The student was driving, and we had just been given clearance to take off. I did my usual “final’s-clear-canopy’s-locked-runway’s-clear” chant and watched as we taxied toward the centerline. Then, just as she maneuvered our blind little biplane beauty onto the centerline, all hell broke loose! And I mean broke loose! Totally loose!
My feet were barely shadowing the rudder pedals when suddenly, the right pedal, brake and all, fell to the floor out of my reach, and the airplane’s center of gravity decided it liked the turn we were in: It did the Isaac Newton thing and started swinging the tail wildly to the right.
Since we had absolutely no control over the proceedings, the CG hijacked the whole process. Even though we were moving slowly, the CG jerked the tail further and further to the right, accelerating until the tailwheel unlocked, and the airplane swung around in a tight little slow-speed ground loop. We were both strictly passengers at that point because there was nothing we could do to stop the turn. No rudder control, no brakes, no tailwheel control, no hope. Something important had broken.
It stopped turning of its own accord, and there we were, sitting cockeyed in the middle of a major airport’s runway, jets waiting to take off and jets on final. I was about to do what I hated when other pilots did it: I was about to cause a runway closure, which I wasn’t going to let happen.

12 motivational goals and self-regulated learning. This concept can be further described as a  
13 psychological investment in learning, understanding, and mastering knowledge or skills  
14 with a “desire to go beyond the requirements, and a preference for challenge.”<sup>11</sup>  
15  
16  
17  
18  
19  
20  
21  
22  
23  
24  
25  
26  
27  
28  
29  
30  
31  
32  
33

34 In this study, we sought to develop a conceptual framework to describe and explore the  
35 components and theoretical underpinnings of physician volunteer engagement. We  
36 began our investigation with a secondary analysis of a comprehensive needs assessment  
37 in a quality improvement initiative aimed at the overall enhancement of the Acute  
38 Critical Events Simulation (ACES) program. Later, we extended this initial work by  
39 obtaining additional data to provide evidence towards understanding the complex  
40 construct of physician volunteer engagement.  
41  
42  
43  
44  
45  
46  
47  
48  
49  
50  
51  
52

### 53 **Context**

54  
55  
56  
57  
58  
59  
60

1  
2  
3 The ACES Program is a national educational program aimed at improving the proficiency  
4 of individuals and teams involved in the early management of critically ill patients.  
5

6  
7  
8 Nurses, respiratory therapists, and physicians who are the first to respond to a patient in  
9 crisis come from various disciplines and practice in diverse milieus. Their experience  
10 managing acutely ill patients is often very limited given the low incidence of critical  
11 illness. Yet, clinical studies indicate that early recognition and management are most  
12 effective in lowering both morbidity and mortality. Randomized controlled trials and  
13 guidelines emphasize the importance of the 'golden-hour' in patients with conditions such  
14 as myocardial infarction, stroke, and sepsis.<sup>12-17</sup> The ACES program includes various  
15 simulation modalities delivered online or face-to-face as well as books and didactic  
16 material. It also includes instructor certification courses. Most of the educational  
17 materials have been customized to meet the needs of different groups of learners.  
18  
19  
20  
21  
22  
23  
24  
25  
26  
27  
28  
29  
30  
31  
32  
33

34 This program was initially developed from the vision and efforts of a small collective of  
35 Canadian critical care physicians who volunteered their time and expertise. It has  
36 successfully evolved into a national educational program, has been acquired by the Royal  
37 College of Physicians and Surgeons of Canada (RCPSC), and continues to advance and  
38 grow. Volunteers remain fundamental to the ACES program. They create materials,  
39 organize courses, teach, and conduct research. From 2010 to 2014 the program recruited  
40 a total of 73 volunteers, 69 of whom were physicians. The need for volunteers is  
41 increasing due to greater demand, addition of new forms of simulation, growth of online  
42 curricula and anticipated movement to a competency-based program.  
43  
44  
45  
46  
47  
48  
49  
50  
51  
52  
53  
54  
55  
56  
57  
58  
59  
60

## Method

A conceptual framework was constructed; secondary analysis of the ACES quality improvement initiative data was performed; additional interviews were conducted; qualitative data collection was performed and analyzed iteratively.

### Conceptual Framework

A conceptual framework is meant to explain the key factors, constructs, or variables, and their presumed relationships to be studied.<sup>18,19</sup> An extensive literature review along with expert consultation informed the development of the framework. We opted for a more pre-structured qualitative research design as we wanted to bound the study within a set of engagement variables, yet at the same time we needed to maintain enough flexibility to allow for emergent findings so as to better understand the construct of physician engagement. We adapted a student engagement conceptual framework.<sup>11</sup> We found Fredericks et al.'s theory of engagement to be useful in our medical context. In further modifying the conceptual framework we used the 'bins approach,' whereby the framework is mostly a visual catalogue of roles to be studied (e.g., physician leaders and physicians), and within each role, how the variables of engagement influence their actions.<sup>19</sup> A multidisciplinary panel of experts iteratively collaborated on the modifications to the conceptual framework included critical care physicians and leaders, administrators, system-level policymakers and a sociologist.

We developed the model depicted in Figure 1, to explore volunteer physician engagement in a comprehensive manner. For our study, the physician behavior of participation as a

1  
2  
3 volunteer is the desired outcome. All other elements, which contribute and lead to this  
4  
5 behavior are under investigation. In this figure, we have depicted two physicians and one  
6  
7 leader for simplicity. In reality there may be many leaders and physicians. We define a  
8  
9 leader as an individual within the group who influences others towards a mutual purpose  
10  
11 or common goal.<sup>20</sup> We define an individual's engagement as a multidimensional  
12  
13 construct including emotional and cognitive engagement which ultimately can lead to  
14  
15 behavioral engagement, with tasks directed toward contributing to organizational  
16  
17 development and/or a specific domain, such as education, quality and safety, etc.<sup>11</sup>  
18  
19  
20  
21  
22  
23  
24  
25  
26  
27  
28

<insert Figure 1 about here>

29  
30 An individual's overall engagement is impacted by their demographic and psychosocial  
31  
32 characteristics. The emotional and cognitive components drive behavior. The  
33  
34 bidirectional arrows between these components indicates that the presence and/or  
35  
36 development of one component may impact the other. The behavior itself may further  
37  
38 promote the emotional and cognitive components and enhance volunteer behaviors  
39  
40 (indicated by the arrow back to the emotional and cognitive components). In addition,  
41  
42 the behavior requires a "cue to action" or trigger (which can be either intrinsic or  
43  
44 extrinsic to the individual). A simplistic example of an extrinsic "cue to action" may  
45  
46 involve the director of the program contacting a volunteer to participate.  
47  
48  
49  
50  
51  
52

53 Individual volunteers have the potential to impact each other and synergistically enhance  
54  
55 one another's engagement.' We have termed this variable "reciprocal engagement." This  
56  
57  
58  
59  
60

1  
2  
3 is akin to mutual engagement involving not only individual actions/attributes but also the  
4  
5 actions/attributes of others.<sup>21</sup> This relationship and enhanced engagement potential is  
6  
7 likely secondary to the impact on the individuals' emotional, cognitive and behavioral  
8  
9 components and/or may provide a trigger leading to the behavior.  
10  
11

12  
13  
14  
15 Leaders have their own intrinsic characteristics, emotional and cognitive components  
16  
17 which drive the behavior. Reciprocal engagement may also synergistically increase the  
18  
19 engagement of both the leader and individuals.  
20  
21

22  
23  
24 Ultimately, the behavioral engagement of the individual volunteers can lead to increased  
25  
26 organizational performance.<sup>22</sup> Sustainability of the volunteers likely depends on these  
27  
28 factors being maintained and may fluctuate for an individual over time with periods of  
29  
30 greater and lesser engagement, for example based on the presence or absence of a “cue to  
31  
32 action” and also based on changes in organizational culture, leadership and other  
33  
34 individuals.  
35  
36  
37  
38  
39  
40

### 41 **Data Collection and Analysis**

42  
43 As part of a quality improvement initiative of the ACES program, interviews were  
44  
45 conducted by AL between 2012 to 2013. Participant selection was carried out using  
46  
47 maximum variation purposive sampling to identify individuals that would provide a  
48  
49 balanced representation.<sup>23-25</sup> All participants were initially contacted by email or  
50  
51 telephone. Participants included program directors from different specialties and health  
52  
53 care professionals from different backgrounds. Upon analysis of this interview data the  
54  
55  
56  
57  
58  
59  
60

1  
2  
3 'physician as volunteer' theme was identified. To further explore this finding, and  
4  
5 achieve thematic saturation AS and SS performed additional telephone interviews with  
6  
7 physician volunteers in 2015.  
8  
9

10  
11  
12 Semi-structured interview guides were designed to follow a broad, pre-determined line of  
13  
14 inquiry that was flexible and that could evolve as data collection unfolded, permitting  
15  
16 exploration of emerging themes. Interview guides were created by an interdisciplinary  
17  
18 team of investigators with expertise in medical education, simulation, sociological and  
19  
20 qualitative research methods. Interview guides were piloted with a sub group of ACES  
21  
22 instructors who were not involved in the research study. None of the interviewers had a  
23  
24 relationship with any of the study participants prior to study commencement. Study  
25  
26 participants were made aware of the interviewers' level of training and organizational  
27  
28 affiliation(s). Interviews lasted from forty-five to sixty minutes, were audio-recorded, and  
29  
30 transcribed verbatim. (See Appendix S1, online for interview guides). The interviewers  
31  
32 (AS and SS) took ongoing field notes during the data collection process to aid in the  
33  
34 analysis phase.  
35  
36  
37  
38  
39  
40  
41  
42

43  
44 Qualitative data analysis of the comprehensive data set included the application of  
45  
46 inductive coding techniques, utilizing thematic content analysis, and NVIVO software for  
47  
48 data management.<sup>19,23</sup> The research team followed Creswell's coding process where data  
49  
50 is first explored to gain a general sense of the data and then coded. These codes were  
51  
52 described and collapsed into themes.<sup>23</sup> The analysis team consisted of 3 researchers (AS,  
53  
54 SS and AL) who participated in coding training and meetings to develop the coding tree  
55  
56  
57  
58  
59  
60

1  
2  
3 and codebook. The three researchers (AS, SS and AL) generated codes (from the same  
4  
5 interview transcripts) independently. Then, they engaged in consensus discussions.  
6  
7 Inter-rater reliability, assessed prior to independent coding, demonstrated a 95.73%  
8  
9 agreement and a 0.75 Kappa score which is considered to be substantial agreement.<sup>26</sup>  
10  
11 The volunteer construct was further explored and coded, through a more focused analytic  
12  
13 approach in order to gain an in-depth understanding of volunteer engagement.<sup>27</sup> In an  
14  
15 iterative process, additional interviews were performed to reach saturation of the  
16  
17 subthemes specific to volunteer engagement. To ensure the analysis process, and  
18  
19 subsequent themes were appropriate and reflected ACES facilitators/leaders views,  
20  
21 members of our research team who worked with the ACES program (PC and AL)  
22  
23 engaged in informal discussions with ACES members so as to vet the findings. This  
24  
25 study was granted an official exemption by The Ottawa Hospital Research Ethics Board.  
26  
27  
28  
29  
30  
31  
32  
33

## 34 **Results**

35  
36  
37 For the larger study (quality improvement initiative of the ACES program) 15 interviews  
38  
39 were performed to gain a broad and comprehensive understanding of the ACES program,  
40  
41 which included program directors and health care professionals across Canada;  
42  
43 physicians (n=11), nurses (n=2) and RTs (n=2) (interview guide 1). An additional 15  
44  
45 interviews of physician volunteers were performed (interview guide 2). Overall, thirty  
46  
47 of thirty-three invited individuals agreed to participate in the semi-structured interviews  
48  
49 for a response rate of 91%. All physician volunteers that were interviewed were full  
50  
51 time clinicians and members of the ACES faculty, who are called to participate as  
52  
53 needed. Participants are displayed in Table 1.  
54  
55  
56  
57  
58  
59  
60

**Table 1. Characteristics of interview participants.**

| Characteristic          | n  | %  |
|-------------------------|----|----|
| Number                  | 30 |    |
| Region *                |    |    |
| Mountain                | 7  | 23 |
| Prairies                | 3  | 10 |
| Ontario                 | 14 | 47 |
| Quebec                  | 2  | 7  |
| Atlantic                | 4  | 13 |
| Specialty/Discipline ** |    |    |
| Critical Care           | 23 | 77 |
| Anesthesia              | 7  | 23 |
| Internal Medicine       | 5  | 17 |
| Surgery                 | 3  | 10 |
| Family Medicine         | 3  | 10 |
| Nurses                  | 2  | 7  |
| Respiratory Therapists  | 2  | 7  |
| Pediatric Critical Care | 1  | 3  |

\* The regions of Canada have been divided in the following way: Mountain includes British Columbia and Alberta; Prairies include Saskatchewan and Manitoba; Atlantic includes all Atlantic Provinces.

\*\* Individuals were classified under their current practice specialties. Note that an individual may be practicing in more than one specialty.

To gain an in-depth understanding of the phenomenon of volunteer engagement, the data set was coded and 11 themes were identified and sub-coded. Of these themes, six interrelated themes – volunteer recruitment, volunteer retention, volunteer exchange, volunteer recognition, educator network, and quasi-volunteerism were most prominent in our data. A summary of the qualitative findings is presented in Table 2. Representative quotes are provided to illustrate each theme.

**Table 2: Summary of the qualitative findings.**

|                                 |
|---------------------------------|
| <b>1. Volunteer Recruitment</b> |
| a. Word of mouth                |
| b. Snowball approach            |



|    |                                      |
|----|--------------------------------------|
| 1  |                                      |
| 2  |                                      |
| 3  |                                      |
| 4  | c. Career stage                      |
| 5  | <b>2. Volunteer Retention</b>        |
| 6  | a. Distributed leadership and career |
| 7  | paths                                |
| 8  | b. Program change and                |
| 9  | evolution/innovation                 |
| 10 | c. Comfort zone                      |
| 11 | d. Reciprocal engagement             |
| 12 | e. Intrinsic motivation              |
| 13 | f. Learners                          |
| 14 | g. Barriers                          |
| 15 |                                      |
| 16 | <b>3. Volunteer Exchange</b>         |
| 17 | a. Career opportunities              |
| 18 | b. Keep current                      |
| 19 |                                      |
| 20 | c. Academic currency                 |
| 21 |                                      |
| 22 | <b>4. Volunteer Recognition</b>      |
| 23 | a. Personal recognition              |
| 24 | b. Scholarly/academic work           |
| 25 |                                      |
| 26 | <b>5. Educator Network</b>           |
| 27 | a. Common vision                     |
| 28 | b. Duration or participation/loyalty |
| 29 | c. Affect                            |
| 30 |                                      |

I did a quick, “We’ve had a mechanical and will push the airplane off the runway,” blast to the tower, but didn’t wait for a reply. I quickly shut everything down, and my student and I threw our straps off and bailed out of the airplane.
It really feels naked to be standing in the middle of an 8,000-foot runway seeing airplanes on final headed at you and others in the run-up areas on both sides watching your antics. But, the immediacy of getting our airplane off the runway chased everything else out of my mind.
With my student pushing on the I-strut and me pushing the tail, we hustled our butts off the runway and across the taxiway onto an unused portion of the ramp as quickly as we could possibly move. When I swung the tail around to put the tailwheel off the pavement into a secure divot in the dirt, I saw the source of our problems: The right rudder cable was hanging limp with the end lying on the ground. I picked it up and couldn’t believe what I saw: The turnbuckle that attached the cable to the rudder had broken cleanly right at the base of the threads. Not once in my life had I ever seen that particular piece of hardware fail.
As I was holding the broken cable end in my hand, I was suddenly aware that I was breathing hard. I hadn’t realized I had allowed my physical condition to deteriorate that far. This was the first of many epiphanies to come out of this episode that had some interesting life-changing consequences.
As we sat there in the sun, waiting for a tow tractor with a dolly to show up and tow 8PB back to the hangar (I couldn’t begin to taxi it; it was uncontrollable with no rudder, brake or tailwheel control), I began to think about what did happen as opposed to what could have happened. Only then did it dawn on me that I had just experienced the luckiest unlucky thing I’ve ever had happen in my life.